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Ouija Board set for victory
LOUISVILLE, Ky. - The gaggle of drab-dressed men milling outside the fenced-off European shipper barn on the Churchill Downs backstretch definitely was not from Breeders' Cup Ltd., lacking the signature purple windbreakers. Nor were they ESPN producers, or glad-handing bloodstock agents. This was the assembled press corps from Europe, mostly English, and the reporters had one task: Get a word with the lads who had just taken Ouija Board out Tuesday morning for her first Churchill exercise.
It may require an Englishman, maybe an English expatriate, to fully grasp the Ouija Board thing. Racing is woven so much deeper into that country's fabric. We have Barbaro, filtering into the national consciousness after tragedy struck. The English have larger-than-life equine heroes each season - like Ouija Board. On Aug. 5 in the Nassau Stakes at Goodwood, when she thrust her nose across the finish inches ahead of Alexander Goldrun, the din of the crowd might have been heard halfway across the Atlantic.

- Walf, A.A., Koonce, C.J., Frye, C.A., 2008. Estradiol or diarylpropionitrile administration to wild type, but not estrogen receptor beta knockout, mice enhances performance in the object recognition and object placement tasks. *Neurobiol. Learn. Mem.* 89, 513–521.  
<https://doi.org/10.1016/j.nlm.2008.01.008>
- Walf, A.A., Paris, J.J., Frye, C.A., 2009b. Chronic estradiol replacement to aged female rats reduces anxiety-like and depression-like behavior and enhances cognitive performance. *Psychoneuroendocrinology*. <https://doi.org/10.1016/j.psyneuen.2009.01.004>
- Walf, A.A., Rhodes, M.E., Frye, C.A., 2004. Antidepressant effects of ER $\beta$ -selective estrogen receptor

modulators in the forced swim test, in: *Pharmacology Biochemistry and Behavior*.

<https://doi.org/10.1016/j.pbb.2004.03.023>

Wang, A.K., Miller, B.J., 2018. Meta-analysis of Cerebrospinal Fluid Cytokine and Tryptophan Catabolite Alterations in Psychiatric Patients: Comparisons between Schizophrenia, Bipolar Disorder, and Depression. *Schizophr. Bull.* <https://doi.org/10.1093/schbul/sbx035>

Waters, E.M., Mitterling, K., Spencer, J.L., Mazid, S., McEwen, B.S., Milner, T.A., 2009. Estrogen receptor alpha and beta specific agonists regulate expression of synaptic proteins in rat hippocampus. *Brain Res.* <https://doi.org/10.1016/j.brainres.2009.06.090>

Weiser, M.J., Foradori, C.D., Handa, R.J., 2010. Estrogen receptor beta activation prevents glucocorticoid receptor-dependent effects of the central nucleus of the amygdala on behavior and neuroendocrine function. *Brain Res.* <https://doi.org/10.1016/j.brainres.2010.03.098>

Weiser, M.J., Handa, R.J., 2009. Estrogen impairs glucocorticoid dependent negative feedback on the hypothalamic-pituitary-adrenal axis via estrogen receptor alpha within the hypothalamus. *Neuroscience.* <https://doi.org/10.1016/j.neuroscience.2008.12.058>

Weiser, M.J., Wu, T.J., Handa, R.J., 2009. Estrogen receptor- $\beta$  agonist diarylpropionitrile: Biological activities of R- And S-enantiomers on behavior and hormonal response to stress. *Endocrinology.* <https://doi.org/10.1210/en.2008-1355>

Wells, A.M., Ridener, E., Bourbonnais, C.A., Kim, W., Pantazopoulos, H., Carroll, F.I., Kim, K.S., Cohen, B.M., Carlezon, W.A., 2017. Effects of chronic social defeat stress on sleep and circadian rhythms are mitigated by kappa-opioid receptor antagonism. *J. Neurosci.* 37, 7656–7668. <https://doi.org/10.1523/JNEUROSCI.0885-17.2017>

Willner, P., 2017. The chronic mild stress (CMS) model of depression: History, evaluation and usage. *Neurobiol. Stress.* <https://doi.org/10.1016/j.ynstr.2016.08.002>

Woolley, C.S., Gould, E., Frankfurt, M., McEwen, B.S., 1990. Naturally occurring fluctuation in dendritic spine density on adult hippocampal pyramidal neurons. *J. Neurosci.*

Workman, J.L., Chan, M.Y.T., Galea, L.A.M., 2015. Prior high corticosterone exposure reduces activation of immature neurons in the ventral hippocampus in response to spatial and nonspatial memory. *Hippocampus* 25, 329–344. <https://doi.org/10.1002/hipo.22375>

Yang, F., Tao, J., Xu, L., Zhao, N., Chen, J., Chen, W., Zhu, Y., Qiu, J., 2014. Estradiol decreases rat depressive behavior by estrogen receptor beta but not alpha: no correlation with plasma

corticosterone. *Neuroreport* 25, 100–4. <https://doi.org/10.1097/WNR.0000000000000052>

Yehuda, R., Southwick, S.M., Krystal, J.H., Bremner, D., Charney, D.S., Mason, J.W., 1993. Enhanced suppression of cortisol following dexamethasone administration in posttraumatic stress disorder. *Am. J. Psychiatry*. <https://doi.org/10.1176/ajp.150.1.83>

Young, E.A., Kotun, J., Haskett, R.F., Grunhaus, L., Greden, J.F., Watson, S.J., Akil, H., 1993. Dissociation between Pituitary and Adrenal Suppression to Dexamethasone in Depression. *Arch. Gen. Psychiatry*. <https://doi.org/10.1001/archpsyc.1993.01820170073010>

"She's become a national hero for everyone," said jockey Frankie Dettori, who was aboard for that victory and is tasked with helping Ouija Board try to win her second Filly and Mare Turf in the Breeders' Cup on Saturday. "That was the race of the year at Goodwood. It might not have been the best form of her career, but the way she showed that determination to win was amazing. The feel of the crowd was incredible."
Ouija Board plays a different game than we do in the United States. Lava Man, considered by some people as the best older horse in the country, traveled to the Japan Cup Dirt last winter and finished 11th. And some pundits have identified a Dubai syndrome: An American horse that ships to Dubai for the big races in March may be gutted the rest of the year, they warn us.